Elves vs Morgoth

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cloveress
Posts: 2289

Elves vs Morgoth

Post#51 » Sat Jun 16, 2007 10:12 am

That is my point. There is no point in speculating what Feanor might have done if Melkor wasn't there becuase Fate had already planned the course of his life for him. Thus Mandos knew that Feanor's life would be short and that 'He would come to him soon'.


Actually, I agree with Glorfindel that such problems are worthy of discussion because usually things that are 'fated' can have only one outcome, although many paths can lead to that outcome. Therefore, whatever decrees of "fate" or "doom" that Eru set down in the Music or earlier in his own mind should be able to have been accomplished regardless of how it came about.

For example, Eru probably meant for Feanor to lead the Noldor back to Middle-Earth. Therefore, I think that such a thing would've happened, regardless of how. I mean, it was Morgoth's lies that led to the theft of the Silmarils and the murder of Finwe in the story; but it could have been due to something else, perhaps Feanor's unhappiness at his step-mom and half-brothers. It does say in the Silmarillion that Feanor was not overly happy when his father remarried. And that was BEFORE Melkor spread his malicious lies. The point I'm trying to make is that Eru set down a root of jealousy and arrogance in Feanor, and that root would have come to germinate, bud, and bear bitter fruit in the end regardless of which factor sparked it. And the factors that sparked it could have been many. It could've been Morgoth; it could have been a nastier son of his. It could have been a passing jest. It could have been simply growing self-obssession on his own part... But no matter what it was, it would lead to the same result. Feanor leads Noldor out of paradise and into the real world.

So it is actually quite fun to talk about the other possiblities because it can prove that what actually happened was inevitable. And in the end, of course, you will find out that although there are many ways of a certain Fate working out for one particular character, there is only ONE way that the fates of ALL the characters can work out together. Which is why you can call my last paragraph useless, but I just wanted everyone to see the process of thinking... that's all. It's from the process that we learn and understand, anyways...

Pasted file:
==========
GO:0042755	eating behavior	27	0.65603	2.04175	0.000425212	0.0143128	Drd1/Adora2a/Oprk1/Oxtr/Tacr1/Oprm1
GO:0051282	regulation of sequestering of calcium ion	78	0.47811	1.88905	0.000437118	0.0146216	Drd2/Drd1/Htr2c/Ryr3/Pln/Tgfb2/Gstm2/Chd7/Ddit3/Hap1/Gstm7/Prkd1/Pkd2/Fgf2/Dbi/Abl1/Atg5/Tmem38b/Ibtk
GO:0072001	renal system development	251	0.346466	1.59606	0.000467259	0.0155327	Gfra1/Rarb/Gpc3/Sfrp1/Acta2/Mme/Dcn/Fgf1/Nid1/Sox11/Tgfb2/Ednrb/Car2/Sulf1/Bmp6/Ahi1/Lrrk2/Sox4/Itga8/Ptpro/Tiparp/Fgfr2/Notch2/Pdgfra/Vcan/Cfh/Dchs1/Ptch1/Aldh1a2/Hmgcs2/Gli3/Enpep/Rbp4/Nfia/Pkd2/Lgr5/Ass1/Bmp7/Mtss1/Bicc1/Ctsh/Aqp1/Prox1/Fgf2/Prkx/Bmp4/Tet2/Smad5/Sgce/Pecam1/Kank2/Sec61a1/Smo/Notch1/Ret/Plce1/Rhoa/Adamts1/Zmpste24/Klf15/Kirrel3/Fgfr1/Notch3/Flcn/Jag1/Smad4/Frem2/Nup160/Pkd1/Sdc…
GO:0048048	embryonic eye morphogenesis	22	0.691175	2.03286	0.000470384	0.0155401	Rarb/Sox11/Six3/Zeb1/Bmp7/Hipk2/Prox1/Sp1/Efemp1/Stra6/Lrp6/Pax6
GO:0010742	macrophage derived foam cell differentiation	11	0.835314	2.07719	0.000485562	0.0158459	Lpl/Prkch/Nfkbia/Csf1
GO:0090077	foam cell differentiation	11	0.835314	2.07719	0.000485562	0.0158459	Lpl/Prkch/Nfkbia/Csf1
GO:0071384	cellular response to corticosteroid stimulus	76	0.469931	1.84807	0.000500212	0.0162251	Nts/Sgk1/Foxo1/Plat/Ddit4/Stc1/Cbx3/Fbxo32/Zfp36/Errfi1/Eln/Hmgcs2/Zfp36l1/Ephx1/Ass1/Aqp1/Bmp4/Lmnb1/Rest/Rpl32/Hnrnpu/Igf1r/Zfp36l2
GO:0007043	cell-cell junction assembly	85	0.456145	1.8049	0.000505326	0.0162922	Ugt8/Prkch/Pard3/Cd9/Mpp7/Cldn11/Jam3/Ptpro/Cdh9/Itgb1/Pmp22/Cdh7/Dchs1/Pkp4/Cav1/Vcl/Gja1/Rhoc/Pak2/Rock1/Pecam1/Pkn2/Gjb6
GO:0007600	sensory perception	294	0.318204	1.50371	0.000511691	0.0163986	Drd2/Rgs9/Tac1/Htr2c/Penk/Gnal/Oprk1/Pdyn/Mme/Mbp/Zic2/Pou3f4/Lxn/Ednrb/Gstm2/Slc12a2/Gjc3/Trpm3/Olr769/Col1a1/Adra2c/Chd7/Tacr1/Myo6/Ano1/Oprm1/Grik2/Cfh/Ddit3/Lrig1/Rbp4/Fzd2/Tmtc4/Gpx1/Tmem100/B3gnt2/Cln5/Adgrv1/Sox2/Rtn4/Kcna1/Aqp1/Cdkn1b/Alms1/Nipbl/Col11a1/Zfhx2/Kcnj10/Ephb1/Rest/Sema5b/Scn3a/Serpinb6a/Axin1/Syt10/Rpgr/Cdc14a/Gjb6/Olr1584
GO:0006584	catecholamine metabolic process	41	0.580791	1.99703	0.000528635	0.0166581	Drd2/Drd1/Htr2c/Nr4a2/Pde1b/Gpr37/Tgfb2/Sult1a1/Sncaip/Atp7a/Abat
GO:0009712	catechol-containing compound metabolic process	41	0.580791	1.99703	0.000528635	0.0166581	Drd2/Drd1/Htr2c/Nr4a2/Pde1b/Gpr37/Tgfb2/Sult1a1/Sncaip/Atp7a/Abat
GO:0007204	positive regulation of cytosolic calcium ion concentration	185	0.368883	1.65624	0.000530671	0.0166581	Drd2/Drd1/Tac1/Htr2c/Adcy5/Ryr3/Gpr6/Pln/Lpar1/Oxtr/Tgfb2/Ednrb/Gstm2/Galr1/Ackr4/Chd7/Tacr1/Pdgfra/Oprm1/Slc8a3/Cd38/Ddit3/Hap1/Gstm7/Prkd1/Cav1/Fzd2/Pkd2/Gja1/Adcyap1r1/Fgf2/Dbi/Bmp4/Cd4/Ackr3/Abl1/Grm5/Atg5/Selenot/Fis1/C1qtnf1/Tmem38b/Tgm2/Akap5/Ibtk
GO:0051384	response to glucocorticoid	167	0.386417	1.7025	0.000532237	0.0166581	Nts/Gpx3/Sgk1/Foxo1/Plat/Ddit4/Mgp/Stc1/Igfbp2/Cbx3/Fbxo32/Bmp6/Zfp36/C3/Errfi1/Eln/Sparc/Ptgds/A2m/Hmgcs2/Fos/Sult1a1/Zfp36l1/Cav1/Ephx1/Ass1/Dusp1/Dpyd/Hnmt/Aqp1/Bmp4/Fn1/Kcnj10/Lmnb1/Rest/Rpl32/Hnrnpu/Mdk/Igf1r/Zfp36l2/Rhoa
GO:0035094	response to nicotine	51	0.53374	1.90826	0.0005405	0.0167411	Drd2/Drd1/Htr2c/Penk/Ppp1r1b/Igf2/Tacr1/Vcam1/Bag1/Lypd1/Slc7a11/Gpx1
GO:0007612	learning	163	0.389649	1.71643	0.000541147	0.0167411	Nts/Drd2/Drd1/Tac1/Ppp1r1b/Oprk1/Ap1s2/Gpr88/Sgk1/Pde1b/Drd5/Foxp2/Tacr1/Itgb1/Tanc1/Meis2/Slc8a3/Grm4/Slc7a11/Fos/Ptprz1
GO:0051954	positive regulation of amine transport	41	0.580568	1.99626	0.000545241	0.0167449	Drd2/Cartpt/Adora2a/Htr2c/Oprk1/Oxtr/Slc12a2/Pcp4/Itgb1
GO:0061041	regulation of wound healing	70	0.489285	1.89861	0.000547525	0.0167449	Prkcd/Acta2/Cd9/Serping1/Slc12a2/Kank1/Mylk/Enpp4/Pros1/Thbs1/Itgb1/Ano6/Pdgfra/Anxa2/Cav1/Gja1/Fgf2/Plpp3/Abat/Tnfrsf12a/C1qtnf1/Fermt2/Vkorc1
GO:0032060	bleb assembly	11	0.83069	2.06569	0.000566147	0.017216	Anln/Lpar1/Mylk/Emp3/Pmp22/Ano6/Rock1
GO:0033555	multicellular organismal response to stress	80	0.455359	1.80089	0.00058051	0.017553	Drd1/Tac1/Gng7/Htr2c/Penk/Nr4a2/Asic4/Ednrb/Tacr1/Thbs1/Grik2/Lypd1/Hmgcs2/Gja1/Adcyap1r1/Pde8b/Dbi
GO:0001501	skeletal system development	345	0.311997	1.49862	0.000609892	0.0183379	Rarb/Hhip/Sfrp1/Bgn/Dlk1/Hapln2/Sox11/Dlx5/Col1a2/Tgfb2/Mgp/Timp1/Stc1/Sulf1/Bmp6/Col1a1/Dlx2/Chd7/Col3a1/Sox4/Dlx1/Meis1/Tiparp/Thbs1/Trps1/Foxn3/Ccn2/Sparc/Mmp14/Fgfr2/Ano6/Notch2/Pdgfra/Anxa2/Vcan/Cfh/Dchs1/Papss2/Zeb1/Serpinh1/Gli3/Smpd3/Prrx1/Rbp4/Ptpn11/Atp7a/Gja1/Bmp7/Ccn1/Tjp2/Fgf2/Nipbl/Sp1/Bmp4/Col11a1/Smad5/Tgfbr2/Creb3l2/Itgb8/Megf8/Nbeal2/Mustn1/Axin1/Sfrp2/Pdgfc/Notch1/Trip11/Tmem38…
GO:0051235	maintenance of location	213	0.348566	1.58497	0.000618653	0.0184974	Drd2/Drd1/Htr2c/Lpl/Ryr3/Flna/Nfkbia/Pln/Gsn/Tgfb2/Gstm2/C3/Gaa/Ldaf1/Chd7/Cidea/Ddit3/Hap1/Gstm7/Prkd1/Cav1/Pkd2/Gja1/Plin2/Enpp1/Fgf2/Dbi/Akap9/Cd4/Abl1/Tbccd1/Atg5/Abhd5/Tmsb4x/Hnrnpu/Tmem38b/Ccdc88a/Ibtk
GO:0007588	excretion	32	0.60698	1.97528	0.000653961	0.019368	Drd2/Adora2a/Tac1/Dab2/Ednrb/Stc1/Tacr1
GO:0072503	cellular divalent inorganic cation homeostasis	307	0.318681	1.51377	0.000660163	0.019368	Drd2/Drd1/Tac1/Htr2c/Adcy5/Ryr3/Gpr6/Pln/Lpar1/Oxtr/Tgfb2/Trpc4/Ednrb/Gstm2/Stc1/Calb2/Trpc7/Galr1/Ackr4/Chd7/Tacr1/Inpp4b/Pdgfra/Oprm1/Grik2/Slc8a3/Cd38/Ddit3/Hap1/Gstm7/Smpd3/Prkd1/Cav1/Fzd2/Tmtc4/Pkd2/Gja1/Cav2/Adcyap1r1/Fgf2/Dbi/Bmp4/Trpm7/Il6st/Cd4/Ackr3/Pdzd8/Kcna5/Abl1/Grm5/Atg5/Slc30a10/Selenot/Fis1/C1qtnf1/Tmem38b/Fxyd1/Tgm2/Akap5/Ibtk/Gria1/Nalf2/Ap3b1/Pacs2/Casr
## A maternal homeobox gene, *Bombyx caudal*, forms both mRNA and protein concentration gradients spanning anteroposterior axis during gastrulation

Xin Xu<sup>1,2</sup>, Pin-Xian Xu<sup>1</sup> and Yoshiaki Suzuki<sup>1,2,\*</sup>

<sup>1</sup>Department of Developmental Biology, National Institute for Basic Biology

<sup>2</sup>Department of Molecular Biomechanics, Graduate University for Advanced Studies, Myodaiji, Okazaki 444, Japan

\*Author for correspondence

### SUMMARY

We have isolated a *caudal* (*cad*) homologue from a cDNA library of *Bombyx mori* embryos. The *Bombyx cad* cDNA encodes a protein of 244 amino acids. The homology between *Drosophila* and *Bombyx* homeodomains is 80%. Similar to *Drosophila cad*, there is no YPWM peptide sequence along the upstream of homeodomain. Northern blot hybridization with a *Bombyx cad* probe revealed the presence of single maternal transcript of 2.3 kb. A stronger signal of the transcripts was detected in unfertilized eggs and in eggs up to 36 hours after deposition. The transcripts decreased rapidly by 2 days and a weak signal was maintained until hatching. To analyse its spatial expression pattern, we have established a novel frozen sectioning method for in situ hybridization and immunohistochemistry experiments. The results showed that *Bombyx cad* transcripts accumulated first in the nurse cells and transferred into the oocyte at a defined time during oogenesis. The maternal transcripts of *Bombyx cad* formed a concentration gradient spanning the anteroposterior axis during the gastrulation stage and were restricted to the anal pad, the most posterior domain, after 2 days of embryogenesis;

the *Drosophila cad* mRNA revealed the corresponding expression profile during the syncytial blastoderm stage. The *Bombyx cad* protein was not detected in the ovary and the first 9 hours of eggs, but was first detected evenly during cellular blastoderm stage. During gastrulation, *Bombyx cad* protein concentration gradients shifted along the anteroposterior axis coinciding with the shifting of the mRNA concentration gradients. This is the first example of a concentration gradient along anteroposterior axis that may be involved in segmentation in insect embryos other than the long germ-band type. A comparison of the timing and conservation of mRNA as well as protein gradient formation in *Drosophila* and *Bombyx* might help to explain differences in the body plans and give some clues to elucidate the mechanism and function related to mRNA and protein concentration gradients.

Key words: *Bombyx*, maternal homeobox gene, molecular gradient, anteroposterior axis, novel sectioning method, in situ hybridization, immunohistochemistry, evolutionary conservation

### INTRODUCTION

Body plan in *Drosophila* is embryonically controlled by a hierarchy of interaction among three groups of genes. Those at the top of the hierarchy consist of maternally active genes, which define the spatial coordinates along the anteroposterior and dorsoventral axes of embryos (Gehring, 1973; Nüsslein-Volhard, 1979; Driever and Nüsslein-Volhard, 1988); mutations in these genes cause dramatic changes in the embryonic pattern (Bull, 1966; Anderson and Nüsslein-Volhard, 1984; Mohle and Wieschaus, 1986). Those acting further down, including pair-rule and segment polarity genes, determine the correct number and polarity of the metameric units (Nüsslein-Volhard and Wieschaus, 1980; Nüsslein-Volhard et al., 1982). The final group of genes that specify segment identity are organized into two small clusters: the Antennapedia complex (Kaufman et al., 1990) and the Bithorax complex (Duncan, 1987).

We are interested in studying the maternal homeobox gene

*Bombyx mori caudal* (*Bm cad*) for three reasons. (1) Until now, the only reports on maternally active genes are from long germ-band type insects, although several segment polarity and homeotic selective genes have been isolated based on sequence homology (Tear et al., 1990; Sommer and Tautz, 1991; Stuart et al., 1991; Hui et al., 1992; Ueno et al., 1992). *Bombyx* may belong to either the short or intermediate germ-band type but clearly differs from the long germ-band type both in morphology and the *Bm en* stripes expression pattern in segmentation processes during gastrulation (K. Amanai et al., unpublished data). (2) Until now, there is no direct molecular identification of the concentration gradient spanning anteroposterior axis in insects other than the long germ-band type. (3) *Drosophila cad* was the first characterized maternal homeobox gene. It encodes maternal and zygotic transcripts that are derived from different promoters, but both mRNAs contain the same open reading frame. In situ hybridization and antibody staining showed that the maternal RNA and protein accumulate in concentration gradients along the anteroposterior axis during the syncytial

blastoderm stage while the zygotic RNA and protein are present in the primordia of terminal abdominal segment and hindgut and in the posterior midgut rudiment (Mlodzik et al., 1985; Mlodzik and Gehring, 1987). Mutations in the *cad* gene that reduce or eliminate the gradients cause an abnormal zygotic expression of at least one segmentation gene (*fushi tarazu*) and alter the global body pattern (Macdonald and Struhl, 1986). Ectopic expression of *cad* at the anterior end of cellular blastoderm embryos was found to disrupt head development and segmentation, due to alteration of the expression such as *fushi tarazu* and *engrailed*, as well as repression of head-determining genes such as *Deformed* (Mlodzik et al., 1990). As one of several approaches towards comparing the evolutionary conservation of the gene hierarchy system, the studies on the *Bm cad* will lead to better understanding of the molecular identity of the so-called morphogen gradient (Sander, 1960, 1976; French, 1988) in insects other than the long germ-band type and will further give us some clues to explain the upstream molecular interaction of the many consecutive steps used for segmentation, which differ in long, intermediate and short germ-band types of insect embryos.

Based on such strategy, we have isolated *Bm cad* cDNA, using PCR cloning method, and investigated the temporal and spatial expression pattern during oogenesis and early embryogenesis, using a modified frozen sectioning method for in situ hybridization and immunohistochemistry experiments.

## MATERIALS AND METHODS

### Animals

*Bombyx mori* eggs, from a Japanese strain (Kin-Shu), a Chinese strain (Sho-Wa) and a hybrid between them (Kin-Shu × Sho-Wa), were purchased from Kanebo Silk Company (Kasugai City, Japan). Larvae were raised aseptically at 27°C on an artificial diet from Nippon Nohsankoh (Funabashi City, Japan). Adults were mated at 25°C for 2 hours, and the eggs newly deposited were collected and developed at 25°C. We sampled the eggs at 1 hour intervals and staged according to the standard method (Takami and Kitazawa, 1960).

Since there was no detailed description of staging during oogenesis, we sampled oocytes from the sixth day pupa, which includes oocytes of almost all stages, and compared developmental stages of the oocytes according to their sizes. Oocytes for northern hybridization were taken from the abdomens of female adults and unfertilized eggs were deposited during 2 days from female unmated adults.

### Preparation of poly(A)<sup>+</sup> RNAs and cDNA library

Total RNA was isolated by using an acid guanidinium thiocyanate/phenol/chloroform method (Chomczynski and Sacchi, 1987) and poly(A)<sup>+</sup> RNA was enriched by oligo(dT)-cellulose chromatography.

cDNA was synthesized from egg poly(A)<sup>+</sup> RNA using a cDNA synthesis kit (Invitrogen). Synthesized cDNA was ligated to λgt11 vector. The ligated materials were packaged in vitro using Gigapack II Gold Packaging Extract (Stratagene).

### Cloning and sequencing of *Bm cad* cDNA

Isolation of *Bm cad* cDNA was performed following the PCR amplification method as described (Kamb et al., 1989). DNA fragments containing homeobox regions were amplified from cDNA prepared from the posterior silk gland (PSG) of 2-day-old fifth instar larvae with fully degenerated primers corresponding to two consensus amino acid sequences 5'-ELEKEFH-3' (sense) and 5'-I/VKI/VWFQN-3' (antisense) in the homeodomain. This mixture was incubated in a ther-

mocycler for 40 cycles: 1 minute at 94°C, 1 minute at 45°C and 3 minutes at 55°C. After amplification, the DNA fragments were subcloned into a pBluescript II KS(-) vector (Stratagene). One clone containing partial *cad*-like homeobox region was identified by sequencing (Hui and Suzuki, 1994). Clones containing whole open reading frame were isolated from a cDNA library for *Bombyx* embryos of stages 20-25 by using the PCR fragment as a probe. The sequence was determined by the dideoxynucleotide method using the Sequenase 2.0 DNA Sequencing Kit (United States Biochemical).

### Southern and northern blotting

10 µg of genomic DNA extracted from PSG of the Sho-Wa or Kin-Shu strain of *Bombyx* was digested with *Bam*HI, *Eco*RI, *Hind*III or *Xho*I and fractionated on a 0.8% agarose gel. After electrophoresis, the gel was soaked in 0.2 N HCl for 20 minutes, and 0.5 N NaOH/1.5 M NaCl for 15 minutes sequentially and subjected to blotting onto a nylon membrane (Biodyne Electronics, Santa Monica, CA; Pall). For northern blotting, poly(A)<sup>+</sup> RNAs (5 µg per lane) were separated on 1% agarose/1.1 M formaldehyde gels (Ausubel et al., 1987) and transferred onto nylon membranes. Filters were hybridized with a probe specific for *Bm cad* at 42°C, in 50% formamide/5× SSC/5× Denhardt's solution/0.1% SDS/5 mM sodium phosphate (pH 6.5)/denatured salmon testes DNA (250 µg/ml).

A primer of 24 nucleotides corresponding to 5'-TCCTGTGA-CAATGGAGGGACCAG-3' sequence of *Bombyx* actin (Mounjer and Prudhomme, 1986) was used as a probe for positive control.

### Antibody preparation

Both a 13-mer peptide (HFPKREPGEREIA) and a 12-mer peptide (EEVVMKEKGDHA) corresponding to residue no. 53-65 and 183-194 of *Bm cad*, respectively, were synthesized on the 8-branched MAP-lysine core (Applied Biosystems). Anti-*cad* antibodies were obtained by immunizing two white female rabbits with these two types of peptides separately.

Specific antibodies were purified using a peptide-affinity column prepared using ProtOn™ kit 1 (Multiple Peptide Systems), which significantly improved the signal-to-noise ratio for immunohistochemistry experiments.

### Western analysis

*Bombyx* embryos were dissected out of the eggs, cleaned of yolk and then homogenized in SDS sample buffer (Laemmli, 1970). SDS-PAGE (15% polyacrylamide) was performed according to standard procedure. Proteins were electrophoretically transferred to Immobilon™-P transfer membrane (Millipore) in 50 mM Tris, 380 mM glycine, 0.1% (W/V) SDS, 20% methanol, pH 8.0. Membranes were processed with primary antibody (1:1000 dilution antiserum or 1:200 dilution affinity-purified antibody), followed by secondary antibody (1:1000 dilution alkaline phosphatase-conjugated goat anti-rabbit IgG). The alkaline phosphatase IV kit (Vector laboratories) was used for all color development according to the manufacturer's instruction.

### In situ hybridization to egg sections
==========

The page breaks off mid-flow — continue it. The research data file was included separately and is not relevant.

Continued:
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virumor
Posts: 3567

Elves vs Morgoth

Post#52 » Sat Jun 16, 2007 12:45 pm

Considering Tolkien's faith, which he wove into everything he wrote, in the Universe he created only the End is fated - the ultimate destruction of all things evil, Dagor Dagorath, similar to the Apocalyps as described in the Book of Revelation.

Everything in between, are mere ripples, stirrings of good & evil compared to the End.
Give up the Halfring, she-elf...

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Lord Of All
Posts: 633

Elves vs Morgoth

Post#53 » Sat Jun 16, 2007 3:12 pm

Considering Tolkien's faith, which he wove into everything he wrote


"There is no 'allegory', moral, political, or contemporary in the work at all." Letter 181

"There is no 'symbolism' or conscious allegory in my story." Letter 203

There are many other quotes stating that Tolkien's mind doesn't work Allegorically. At best you can say he used certain idears out of religion and interwove them into his work. Saying he used religion in everything he wrote is inaccurate by a long stretch.

"I have deliberately written a tale, which is built on or out of certain 'religious' ideas, but is not an allegory of them (or anything else), and does not mention them overtly, still less preach them, I will not now depart from that mode, and venture on theological disquisition for which I am not fitted." Letter 211

There are many things fated in Tolkien's myth not just the End. And there is only one being who has the Power to exercise fate.

imladmorgul
Posts: 33

Elves vs Morgoth

Post#54 » Wed Feb 13, 2008 7:08 pm

There's a quote in The Silmarillion pertinent to the question as to whether the Elves could have defeated Morgoth. In fact, the whole thing probably could have been avoided:
"Some have held that whether he had said yea or nay (to Yavanna's request for the Silmarils to revive the Trees) then maybe his later deeds would have been other than they were." (or something to that effect.) In other words, if Feanor had relinquished ownership of the Silmarils so that the Trees could be revived, when Melkor stole the Jewels the Valar would have wasted no time in chasing him down and wresting the SIlmarils back from them. In fact, they probably would have allowed the Noldor to lead the attack and avenge the murder of Finwe their King.
But then, the history of the later Ages would have been VASTLY different.

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virumor
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Elves vs Morgoth

Post#55 » Tue May 06, 2008 7:37 am

Lúthien did defeat Morgoth when she dulled his senses with her entrancing, sensual dance, filling his mind with what is described as the most devious plan he had ever concocted, but a plan that turned on himself and sent him plummeting to the floor overcome by beguilment.

One can only wonder upon the details of this plan. Undoubtedly Lúthien played a major part in it; perhaps he had envisioned to corrupt the fairest of all Children of Ilúvatar and replace his chief lieutenant, Sauron, with her, for indeed she was half-Maia and had after all already defeated his apprentice and proven her mettle.